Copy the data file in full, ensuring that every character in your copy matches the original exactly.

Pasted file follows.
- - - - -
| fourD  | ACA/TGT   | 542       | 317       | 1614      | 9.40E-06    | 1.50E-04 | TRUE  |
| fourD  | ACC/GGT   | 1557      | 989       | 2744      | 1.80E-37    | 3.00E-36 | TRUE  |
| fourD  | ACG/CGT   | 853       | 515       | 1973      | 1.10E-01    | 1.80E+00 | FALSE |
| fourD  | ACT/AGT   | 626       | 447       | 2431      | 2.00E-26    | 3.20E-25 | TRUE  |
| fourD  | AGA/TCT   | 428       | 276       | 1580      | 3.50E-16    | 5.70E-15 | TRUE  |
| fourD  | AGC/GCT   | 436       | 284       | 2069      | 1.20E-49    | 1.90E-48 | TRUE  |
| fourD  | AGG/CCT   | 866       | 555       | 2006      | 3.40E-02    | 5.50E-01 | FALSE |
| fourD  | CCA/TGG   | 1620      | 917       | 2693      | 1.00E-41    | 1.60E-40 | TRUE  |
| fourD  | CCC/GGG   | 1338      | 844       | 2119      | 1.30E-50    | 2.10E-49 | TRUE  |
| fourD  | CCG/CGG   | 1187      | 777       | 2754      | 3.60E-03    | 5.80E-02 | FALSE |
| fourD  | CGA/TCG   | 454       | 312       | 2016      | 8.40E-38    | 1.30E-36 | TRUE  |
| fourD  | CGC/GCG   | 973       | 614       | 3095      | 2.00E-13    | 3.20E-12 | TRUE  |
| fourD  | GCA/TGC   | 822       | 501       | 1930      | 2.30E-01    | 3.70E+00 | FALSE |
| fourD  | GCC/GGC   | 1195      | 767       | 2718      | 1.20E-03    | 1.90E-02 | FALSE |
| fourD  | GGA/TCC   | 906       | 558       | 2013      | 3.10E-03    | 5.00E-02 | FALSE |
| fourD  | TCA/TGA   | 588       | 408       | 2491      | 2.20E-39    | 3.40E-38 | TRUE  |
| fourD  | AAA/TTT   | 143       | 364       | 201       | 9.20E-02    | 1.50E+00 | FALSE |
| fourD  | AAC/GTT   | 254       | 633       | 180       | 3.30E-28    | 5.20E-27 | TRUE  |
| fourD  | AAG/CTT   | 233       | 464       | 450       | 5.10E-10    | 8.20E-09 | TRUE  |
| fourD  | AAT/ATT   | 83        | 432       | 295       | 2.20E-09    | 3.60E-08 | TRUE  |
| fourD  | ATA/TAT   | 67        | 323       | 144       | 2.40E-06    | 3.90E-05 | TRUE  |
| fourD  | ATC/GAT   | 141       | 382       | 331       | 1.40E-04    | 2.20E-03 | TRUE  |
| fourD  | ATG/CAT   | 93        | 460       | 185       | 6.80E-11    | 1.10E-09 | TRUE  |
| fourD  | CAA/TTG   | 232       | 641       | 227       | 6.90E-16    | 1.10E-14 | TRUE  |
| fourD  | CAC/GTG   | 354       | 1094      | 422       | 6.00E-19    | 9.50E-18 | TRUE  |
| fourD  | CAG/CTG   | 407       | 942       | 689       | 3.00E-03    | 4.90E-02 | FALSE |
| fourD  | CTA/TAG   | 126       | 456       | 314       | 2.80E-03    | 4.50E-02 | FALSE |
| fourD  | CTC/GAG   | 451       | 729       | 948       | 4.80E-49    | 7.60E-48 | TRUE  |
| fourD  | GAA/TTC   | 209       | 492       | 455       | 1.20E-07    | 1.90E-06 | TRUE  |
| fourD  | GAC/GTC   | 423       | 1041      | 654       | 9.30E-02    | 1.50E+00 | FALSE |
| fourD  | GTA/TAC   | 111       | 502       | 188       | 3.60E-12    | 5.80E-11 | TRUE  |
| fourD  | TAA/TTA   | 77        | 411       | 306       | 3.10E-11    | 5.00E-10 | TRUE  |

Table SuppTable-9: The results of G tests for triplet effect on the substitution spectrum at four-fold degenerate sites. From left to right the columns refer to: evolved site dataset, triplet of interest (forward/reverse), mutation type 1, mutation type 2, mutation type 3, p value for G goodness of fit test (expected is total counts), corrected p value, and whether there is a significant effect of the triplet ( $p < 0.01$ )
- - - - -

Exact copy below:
| fourD  | ACA/TGT   | 542       | 317       | 1614      | 9.40E-06    | 1.50E-04 | TRUE  |
| fourD  | ACC/GGT   | 1557      | 989       | 2744      | 1.80E-37    | 3.00E-36 | TRUE  |
| fourD  | ACG/CGT   | 853       | 515       | 1973      | 1.10E-01    | 1.80E+00 | FALSE |
| fourD  | ACT/AGT   | 626       | 447       | 2431      | 2.00E-26    | 3.20E-25 | TRUE  |
| fourD  | AGA/TCT   | 428       | 276       | 1580      | 3.50E-16    | 5.70E-15 | TRUE  |
| fourD  | AGC/GCT   | 436       | 284       | 2069      | 1.20E-49    | 1.90E-48 | TRUE  |
| fourD  | AGG/CCT   | 866       | 555       | 2006      | 3.40E-02    | 5.50E-01 | FALSE |
| fourD  | CCA/TGG   | 1620      | 917       | 2693      | 1.00E-41    | 1.60E-40 | TRUE  |
| fourD  | CCC/GGG   | 1338      | 844       | 2119      | 1.30E-50    | 2.10E-49 | TRUE  |
| fourD  | CCG/CGG   | 1187      | 777       | 2754      | 3.60E-03    | 5.80E-02 | FALSE |
| fourD  | CGA/TCG   | 454       | 312       | 2016      | 8.40E-38    | 1.30E-36 | TRUE  |
| fourD  | CGC/GCG   | 973       | 614       | 3095      | 2.00E-13    | 3.20E-12 | TRUE  |
| fourD  | GCA/TGC   | 822       | 501       | 1930      | 2.30E-01    | 3.70E+00 | FALSE |
| fourD  | GCC/GGC   | 1195      | 767       | 2718      | 1.20E-03    | 1.90E-02 | FALSE |
| fourD  | GGA/TCC   | 906       | 558       | 2013      | 3.10E-03    | 5.00E-02 | FALSE |
| fourD  | TCA/TGA   | 588       | 408       | 2491      | 2.20E-39    | 3.40E-38 | TRUE  |
| fourD  | AAA/TTT   | 143       | 364       | 201       | 9.20E-02    | 1.50E+00 | FALSE |
| fourD  | AAC/GTT   | 254       | 633       | 180       | 3.30E-28    | 5.20E-27 | TRUE  |
| fourD  | AAG/CTT   | 233       | 464       | 450       | 5.10E-10    | 8.20E-09 | TRUE  |
| fourD  | AAT/ATT   | 83        | 432       | 295       | 2.20E-09    | 3.60E-08 | TRUE  |
| fourD  | ATA/TAT   | 67        | 323       | 144       | 2.40E-06    | 3.90E-05 | TRUE  |
| fourD  | ATC/GAT   | 141       | 382       | 331       | 1.40E-04    | 2.20E-03 | TRUE  |
| fourD  | ATG/CAT   | 93        | 460       | 185       | 6.80E-11    | 1.10E-09 | TRUE  |
| fourD  | CAA/TTG   | 232       | 641       | 227       | 6.90E-16    | 1.10E-14 | TRUE  |
| fourD  | CAC/GTG   | 354       | 1094      | 422       | 6.00E-19    | 9.50E-18 | TRUE  |
| fourD  | CAG/CTG   | 407       | 942       | 689       | 3.00E-03    | 4.90E-02 | FALSE |
| fourD  | CTA/TAG   | 126       | 456       | 314       | 2.80E-03    | 4.50E-02 | FALSE |
| fourD  | CTC/GAG   | 451       | 729       | 948       | 4.80E-49    | 7.60E-48 | TRUE  |
| fourD  | GAA/TTC   | 209       | 492       | 455       | 1.20E-07    | 1.90E-06 | TRUE  |
| fourD  | GAC/GTC   | 423       | 1041      | 654       | 9.30E-02    | 1.50E+00 | FALSE |
| fourD  | GTA/TAC   | 111       | 502       | 188       | 3.60E-12    | 5.80E-11 | TRUE  |
| fourD  | TAA/TTA   | 77        | 411       | 306       | 3.10E-11    | 5.00E-10 | TRUE  |

Table SuppTable-9: The results of G tests for triplet effect on the substitution spectrum at four-fold degenerate sites. From left to right the columns refer to: evolved site dataset, triplet of interest (forward/reverse), mutation type 1, mutation type 2, mutation type 3, p value for G goodness of fit test (expected is total counts), corrected p value, and whether there is a significant effect of the triplet ( $p < 0.01$ )